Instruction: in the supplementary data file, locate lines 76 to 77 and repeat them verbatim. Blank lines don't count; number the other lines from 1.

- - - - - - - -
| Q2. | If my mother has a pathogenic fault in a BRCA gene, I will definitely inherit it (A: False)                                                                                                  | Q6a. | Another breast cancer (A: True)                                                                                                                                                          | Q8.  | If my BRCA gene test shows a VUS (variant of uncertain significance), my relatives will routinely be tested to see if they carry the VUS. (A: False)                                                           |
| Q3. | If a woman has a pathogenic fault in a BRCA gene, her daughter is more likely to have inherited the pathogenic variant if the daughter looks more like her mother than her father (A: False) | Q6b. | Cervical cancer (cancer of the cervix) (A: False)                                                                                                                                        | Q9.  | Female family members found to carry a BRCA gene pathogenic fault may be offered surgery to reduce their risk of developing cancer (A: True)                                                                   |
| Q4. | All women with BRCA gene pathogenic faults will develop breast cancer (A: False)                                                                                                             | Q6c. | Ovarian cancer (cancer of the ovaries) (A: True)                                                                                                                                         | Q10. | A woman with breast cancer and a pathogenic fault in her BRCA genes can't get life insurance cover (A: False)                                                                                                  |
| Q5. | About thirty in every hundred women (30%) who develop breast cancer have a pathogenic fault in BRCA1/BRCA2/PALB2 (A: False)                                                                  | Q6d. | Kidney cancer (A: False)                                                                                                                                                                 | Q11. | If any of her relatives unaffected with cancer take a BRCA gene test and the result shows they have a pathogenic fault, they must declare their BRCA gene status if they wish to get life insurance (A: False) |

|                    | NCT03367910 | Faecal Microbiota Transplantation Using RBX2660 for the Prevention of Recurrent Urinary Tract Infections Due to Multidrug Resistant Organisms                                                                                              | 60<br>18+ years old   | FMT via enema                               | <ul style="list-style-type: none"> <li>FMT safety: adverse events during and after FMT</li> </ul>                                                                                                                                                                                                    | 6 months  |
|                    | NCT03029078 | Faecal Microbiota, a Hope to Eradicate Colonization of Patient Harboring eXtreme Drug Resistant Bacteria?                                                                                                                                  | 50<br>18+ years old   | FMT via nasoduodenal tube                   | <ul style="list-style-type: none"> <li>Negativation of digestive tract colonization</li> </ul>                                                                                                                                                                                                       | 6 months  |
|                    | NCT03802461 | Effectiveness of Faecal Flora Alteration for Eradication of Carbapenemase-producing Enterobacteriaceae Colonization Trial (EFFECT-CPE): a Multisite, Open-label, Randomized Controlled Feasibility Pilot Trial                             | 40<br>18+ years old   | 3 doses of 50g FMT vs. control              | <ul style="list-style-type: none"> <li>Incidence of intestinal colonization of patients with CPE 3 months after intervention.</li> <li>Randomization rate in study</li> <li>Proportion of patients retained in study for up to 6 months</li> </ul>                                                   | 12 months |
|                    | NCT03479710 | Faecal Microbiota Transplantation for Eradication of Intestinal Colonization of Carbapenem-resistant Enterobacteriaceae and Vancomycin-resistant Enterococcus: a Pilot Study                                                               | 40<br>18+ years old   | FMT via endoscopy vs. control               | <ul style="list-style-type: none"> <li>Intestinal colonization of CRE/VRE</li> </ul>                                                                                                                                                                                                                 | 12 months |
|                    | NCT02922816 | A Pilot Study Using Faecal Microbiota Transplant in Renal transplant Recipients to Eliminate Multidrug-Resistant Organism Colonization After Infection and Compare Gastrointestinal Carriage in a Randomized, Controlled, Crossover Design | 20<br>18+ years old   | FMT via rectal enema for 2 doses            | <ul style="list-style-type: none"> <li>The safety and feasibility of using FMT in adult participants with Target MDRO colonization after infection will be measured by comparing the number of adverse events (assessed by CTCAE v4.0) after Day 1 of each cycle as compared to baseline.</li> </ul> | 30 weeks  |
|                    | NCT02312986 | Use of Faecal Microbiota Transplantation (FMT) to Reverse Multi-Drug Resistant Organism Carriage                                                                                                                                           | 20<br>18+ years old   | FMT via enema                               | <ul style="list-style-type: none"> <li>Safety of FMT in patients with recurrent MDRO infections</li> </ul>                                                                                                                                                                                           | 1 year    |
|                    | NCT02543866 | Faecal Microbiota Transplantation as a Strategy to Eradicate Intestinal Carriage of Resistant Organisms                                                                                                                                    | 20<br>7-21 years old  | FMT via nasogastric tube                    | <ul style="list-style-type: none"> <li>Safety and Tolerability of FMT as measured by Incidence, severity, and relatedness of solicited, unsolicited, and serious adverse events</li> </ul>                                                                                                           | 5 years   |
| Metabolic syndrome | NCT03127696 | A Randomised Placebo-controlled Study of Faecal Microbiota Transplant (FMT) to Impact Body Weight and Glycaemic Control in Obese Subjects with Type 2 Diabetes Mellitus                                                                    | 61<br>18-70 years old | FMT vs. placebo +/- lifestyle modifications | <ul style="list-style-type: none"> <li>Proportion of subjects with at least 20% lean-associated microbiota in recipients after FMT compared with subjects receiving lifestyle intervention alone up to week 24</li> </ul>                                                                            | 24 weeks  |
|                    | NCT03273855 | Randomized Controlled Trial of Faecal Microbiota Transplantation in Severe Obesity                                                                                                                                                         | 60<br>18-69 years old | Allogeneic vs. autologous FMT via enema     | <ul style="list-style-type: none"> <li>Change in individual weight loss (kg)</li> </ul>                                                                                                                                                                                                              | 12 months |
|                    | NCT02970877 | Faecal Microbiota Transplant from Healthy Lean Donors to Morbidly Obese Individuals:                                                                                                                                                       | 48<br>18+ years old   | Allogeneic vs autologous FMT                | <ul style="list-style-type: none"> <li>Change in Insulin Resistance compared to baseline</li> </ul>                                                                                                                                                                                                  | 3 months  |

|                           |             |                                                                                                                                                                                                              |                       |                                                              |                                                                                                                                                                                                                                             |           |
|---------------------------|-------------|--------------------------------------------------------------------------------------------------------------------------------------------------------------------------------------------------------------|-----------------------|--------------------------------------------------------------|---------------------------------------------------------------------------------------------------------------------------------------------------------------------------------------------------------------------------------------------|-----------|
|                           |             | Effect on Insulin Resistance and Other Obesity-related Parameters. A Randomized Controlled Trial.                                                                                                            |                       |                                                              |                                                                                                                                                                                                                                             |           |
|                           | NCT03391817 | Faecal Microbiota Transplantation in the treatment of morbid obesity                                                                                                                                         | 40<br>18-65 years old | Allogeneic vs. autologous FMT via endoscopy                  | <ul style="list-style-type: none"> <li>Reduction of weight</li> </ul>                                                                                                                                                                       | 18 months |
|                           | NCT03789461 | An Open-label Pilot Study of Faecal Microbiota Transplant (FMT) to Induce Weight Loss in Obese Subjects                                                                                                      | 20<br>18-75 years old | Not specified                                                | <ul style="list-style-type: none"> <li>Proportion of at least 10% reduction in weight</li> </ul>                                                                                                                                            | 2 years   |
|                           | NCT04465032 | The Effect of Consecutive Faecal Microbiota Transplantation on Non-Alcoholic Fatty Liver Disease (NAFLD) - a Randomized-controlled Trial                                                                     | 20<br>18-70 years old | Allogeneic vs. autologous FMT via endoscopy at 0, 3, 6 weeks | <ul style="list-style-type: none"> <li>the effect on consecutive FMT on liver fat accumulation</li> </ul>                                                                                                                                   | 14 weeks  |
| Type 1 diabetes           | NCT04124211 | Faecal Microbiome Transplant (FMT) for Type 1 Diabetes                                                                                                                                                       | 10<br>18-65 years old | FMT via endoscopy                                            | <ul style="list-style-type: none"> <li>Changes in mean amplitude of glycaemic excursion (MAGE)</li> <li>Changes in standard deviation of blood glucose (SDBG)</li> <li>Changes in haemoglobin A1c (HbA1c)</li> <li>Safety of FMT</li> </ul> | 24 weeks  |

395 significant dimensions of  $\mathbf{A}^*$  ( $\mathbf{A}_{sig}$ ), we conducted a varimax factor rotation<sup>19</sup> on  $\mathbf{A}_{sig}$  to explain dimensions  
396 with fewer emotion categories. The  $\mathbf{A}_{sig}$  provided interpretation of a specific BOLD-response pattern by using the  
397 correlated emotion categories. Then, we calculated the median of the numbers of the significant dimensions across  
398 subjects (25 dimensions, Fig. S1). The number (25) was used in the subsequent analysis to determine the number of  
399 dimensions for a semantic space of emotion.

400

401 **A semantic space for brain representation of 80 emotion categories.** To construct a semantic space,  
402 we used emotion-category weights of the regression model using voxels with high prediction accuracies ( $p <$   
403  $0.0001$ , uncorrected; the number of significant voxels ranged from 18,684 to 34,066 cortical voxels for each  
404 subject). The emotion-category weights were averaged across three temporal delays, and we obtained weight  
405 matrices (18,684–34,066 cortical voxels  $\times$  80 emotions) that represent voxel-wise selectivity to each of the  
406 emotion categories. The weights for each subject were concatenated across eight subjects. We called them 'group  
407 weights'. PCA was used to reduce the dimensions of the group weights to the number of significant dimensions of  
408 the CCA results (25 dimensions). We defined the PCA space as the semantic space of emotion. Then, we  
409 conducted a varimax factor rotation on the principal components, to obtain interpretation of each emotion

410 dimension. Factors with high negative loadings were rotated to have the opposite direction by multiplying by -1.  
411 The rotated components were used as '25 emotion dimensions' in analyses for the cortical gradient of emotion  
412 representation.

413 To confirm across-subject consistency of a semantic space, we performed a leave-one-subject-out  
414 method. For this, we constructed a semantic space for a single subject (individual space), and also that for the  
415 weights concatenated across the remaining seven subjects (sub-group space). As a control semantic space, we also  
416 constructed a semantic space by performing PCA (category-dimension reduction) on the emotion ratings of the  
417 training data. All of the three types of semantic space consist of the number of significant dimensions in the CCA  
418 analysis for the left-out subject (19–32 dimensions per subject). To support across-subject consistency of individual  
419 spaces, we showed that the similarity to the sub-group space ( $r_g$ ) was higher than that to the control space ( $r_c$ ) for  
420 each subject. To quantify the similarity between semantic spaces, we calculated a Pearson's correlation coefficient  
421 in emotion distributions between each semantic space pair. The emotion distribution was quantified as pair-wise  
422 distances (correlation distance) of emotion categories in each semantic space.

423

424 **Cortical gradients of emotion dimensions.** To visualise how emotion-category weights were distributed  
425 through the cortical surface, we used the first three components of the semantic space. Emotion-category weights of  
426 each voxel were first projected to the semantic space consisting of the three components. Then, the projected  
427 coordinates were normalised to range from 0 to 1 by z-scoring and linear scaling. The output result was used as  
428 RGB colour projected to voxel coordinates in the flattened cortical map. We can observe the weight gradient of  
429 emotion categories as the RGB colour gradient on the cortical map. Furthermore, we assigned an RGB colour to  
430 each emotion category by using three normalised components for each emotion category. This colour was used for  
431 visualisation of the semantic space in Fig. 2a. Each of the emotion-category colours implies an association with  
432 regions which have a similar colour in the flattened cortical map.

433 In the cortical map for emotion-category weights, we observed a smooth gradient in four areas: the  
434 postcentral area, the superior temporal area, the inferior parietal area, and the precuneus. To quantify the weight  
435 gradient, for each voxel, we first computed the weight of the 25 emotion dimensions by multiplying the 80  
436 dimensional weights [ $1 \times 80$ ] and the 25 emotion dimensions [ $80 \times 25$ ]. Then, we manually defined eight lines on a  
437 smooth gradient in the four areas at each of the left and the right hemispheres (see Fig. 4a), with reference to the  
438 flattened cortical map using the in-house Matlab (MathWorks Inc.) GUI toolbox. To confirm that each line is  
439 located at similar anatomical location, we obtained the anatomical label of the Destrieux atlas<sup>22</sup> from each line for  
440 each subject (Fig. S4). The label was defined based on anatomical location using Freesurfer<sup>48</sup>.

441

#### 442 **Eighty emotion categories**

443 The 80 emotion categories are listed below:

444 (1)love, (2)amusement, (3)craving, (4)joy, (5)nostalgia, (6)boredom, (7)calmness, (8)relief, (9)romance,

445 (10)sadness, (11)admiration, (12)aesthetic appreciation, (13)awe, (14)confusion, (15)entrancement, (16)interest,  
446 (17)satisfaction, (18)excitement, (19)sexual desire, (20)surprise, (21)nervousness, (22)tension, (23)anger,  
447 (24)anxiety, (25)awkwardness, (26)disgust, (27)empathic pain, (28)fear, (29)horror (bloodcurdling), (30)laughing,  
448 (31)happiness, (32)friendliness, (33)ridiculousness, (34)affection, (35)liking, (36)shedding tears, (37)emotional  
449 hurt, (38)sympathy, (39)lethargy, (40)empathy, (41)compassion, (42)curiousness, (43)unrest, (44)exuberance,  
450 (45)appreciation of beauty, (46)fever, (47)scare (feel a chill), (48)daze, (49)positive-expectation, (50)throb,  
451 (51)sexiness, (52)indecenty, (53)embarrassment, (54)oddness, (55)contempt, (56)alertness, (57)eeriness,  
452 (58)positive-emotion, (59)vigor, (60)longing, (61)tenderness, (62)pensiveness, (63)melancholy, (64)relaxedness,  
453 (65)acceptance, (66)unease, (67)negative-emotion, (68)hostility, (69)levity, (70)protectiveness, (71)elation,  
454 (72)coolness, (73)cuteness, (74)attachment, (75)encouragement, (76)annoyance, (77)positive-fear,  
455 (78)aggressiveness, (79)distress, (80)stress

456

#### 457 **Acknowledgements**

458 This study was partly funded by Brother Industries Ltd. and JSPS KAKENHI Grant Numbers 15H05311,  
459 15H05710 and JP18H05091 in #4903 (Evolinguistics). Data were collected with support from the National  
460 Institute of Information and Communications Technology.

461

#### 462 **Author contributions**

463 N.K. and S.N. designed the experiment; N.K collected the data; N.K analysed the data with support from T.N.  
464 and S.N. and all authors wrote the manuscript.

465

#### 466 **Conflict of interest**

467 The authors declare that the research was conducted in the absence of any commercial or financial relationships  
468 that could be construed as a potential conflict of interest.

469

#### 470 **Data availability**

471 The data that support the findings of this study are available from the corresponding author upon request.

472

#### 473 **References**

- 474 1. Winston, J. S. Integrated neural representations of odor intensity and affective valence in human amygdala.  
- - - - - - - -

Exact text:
449 hurt, (38)sympathy, (39)lethargy, (40)empathy, (41)compassion, (42)curiousness, (43)unrest, (44)exuberance,  
450 (45)appreciation of beauty, (46)fever, (47)scare (feel a chill), (48)daze, (49)positive-expectation, (50)throb,  